Young female transports to New York find themselves isolated amid pandemic

By Nora Quintanilla

New York, Apr 28 (efe-epa).- A group of female transplants living on the West Side of Manhattan had been enjoying life in one of the world’s most vibrant metropolises as recently as early last month, but now they find themselves isolated in a residential building in the global epicenter of the coronavirus pandemic.

Forced to live far from their loved ones in this moment of crisis and adapt to new work realities, these neighbors opened up to Efe about the emotional impact of their experiences.

Lilia, Erika, Maria and Ana live in a West Side co-living community for professional women and female scholarship students, a residence for some 370 people that features rooms measuring eight square meters (85 square feet), community spaces and a cafeteria but which has seen a visible exodus of residents in recent weeks due to the widespread business shutdowns.

“There are days where I’m sad and I say, ‘I can’t believe I’m experiencing this in New York.’ Several family members and friends from Mexico tell me, ‘come back now,’ but it makes no sense for me to leave because I’ll be on lockdown there too and probably infect others,” said Lilia, a Mexican woman in her 20s who works in the diplomatic service.

“I’m experiencing something I hope I’ll never ever experience again. None of us likes it and you have to learn from this,” she added.

Erika, a compatriot of Lilia’s who also works in the diplomatic service and has not left the building since March 13, said this crisis will leave a permanent mark on her.

“For me, this is an experience that will spill over into work, the economy, how we think, our personal lives,” she said, adding that she hopes it “has the best possible impact” on society.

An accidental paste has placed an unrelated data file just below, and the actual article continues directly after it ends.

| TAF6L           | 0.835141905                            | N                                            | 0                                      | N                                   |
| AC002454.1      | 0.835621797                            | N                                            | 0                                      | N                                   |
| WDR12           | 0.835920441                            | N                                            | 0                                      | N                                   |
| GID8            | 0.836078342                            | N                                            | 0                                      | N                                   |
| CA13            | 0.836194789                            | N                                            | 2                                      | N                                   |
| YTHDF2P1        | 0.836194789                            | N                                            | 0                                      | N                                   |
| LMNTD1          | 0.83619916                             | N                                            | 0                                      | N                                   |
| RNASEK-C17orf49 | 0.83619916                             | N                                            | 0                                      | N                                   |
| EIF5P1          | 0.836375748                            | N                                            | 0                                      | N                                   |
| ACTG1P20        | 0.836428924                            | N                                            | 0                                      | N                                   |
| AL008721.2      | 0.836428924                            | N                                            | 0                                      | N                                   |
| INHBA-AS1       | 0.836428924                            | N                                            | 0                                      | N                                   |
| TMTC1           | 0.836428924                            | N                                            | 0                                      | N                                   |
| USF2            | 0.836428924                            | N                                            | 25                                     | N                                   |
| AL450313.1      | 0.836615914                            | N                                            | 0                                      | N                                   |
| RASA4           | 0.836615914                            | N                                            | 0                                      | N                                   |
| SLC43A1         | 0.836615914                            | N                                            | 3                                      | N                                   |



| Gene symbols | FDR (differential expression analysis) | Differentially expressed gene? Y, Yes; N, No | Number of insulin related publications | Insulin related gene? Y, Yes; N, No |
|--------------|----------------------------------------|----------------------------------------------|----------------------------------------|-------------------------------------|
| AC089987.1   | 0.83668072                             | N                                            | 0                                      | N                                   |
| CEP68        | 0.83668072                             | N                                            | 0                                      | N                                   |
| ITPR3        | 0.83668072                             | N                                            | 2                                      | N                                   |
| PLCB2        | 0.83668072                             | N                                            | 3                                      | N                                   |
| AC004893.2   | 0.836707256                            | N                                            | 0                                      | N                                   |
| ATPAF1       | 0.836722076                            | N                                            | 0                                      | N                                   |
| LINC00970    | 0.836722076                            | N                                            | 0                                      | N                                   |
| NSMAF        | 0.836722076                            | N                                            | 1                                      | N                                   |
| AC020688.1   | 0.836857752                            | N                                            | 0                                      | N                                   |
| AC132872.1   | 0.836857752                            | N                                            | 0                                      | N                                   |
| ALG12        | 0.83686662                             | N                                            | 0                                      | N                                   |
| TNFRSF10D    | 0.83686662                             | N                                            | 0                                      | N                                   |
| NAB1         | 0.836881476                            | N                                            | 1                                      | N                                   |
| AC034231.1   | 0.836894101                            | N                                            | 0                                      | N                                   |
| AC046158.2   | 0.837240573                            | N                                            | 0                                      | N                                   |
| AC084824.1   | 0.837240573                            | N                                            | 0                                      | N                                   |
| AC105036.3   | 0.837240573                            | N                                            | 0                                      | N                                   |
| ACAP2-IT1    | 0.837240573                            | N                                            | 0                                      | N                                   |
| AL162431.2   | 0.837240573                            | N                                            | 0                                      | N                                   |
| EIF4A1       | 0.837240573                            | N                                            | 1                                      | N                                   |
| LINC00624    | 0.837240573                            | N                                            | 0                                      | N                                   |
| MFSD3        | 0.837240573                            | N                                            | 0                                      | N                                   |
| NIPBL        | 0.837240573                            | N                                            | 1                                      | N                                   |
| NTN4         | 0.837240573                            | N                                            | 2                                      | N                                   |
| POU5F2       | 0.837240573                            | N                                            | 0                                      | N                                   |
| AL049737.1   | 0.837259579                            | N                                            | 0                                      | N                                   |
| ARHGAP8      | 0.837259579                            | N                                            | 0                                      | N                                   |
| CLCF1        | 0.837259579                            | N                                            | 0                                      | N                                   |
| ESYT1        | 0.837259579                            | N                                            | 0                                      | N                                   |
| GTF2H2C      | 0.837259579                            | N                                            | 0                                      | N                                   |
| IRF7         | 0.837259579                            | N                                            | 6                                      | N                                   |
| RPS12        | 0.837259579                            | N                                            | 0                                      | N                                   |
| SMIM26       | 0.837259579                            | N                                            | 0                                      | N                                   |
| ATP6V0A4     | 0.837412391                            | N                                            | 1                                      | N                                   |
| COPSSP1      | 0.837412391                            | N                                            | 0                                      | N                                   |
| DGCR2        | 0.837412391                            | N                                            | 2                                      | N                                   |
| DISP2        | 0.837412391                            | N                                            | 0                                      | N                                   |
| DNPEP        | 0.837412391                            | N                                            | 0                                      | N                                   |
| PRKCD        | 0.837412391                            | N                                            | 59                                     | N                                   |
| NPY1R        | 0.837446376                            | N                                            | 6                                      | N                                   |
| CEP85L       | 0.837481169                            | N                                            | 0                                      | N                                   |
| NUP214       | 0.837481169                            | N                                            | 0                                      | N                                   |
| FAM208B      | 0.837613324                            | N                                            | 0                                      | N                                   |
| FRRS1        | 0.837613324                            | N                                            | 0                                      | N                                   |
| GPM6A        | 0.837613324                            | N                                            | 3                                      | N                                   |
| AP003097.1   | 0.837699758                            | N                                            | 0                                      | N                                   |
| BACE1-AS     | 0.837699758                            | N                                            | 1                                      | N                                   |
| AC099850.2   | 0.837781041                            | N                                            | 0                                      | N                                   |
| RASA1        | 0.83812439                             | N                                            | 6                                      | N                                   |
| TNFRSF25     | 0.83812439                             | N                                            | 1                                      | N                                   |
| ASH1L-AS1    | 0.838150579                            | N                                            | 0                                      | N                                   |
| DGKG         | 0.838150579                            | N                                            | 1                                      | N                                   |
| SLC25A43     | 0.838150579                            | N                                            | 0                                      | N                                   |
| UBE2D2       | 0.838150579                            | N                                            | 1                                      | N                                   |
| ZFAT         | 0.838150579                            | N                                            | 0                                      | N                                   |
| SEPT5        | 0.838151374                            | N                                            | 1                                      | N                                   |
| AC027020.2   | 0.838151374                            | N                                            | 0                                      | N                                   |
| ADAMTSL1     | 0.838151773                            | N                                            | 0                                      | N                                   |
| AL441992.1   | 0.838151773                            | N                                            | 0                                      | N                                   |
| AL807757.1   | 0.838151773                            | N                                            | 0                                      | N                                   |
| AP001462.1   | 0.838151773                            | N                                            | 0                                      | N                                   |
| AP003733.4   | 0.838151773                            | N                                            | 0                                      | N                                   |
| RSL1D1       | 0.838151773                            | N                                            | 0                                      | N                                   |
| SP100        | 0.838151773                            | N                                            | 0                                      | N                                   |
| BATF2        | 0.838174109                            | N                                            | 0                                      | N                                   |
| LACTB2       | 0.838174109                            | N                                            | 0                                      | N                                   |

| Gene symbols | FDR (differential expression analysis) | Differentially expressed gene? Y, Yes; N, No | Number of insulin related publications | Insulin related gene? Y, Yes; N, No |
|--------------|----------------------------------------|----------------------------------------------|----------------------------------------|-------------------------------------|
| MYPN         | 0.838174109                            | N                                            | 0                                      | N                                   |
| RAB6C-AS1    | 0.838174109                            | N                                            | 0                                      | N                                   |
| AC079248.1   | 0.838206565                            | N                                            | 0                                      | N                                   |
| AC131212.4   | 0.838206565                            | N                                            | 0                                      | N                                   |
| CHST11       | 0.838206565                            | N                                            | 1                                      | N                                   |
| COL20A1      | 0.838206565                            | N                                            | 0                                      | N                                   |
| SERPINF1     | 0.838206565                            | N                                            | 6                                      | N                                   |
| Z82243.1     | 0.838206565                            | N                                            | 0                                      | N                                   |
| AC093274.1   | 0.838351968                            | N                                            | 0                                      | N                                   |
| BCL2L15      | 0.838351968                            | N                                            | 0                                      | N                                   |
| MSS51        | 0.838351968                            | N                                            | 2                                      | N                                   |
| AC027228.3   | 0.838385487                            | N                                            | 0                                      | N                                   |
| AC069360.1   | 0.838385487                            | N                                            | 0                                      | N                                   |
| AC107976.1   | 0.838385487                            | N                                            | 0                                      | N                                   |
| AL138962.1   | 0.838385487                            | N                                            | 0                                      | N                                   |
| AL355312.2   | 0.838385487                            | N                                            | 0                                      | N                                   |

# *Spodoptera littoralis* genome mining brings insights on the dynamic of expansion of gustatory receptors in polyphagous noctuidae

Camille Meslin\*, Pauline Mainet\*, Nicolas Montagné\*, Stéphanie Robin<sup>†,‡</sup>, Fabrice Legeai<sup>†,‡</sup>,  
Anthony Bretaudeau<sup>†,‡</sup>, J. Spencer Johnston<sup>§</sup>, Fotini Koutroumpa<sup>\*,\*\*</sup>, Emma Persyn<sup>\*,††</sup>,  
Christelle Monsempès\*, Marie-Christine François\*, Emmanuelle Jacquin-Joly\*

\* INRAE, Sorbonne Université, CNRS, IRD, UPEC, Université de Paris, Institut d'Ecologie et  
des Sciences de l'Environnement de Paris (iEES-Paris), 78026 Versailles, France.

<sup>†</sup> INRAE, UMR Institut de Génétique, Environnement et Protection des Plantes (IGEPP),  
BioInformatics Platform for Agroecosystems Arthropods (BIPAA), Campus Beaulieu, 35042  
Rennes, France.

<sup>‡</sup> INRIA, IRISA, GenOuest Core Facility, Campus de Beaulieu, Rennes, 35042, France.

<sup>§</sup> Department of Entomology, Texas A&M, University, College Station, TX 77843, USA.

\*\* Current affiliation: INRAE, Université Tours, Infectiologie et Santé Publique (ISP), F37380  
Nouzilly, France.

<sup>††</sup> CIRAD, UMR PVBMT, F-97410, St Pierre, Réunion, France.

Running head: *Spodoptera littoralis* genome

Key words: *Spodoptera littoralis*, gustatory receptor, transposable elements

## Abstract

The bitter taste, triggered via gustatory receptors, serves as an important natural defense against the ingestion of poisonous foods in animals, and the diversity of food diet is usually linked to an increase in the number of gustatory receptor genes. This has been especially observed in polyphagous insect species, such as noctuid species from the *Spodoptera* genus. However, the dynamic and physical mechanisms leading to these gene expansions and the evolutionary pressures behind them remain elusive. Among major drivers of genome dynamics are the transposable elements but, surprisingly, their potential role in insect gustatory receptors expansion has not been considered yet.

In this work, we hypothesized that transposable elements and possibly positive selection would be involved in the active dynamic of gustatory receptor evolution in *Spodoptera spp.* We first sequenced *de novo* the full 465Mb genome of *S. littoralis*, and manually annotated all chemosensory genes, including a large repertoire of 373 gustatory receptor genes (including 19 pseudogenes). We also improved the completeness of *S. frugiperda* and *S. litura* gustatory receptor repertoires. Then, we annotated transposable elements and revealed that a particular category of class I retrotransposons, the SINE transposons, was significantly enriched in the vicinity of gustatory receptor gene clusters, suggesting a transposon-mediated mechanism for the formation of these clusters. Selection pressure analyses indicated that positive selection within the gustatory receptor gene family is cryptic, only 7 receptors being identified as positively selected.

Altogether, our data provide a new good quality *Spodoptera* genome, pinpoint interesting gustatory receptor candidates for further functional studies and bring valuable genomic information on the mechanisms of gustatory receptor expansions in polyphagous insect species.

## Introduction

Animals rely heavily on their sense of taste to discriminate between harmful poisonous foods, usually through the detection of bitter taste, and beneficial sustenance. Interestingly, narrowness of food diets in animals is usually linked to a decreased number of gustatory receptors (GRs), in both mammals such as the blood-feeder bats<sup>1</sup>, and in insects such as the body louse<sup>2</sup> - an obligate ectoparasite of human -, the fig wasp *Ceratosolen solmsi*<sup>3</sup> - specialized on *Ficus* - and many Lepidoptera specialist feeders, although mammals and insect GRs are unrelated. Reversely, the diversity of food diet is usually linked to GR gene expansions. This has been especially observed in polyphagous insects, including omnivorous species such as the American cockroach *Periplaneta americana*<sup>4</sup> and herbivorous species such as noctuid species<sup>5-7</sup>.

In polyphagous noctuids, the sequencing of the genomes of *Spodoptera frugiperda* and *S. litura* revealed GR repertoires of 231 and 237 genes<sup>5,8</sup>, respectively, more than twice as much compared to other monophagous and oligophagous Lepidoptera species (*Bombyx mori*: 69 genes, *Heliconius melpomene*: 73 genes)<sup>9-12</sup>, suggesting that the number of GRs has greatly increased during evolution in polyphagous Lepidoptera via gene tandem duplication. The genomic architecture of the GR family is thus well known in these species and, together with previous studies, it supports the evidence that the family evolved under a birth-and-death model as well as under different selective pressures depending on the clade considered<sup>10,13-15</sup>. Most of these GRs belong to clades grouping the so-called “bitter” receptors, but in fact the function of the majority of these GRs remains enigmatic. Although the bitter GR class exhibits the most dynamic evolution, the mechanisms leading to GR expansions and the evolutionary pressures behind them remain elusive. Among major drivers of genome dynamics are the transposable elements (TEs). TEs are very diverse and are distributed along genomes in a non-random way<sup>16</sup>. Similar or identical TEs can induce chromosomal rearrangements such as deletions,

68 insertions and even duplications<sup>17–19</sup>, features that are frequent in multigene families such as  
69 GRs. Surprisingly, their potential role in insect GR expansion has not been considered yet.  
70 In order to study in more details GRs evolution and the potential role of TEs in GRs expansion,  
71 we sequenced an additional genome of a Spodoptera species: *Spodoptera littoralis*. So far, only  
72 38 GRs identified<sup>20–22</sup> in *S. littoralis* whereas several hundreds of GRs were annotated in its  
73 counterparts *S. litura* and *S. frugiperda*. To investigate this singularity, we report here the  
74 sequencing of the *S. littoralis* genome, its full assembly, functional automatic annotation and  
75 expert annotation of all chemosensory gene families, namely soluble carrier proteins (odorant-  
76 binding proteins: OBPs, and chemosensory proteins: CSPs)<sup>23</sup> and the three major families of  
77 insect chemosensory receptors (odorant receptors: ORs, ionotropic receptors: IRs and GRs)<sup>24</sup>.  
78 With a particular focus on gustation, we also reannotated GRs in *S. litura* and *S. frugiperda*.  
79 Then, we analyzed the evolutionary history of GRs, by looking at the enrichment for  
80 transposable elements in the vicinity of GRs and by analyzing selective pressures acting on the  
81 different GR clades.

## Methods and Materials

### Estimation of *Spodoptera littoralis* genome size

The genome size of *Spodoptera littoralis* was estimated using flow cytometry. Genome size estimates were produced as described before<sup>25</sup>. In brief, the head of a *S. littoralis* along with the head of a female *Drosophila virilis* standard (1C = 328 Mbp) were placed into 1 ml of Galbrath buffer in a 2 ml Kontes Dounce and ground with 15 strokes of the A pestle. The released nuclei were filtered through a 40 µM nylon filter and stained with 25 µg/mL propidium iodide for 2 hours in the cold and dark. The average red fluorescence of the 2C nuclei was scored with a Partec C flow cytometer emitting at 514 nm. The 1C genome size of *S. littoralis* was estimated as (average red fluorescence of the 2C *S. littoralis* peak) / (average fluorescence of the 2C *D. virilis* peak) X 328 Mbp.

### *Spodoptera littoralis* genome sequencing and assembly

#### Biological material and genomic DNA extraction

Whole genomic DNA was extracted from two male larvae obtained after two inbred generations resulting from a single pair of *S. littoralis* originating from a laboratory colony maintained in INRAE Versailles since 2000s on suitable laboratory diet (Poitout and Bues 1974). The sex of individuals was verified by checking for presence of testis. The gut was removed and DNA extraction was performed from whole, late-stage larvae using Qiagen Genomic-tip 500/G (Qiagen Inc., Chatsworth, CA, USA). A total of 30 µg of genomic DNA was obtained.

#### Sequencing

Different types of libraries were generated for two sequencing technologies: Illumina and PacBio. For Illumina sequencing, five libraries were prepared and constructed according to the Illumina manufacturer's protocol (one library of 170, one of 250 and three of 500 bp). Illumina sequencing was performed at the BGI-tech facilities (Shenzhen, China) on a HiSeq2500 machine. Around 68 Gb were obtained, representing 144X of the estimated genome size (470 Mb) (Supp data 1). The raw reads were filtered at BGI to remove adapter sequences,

Maria, a Spaniard in her 20s who works at a design company, is one of the other residents of the co-living community.

Referring to the ambulance sirens and police and soldiers in the street, she said the situation can be “somewhat overwhelming, but it is what it is” and that considering that many families are completely cooped up inside their homes she feels fortunate that the building has an observation deck.

“I’m doing very well emotionally. This experience is helping me to realize certain things, to think about my life, if this is what I want to do, think about myself, not run around so much. These are moments for ourselves. I’m very lucky to be where I am,” she added.

The building’s dining hall, which had been an ideal place to socialize, now is set up according to coronavirus guidelines, with hand sanitizers on the rigidly separated tables and surgical tape on the floor marking distances of two meters.

As one woman sits alone and eats lunch, the voice of New York state Gov. Andrew Cuomo giving a rundown of Covid-19 deaths can be heard in the background.

Ana, another Spaniard in her 20s who lives in this community and is currently working at the United Nations via Internet, said she tries to “think about this as little as possible,” heed all the guidelines and stay in contact as much as she can with her family and friends (she recently celebrated her birthday via video-conference).

“I try not to watch the news that much. I’d rather be naive than have mental-health problems,” she said.

Even so, she is not blind to the massive changes in a city that recently was one of the most coveted destinations on Earth but now has more seagulls than airplanes.

“It’s deserted. You’ll see someone walking their dog or going to the supermarket, everyone with face masks and gloves. It’s apocalyptic,” Ana said. EFE-EPA


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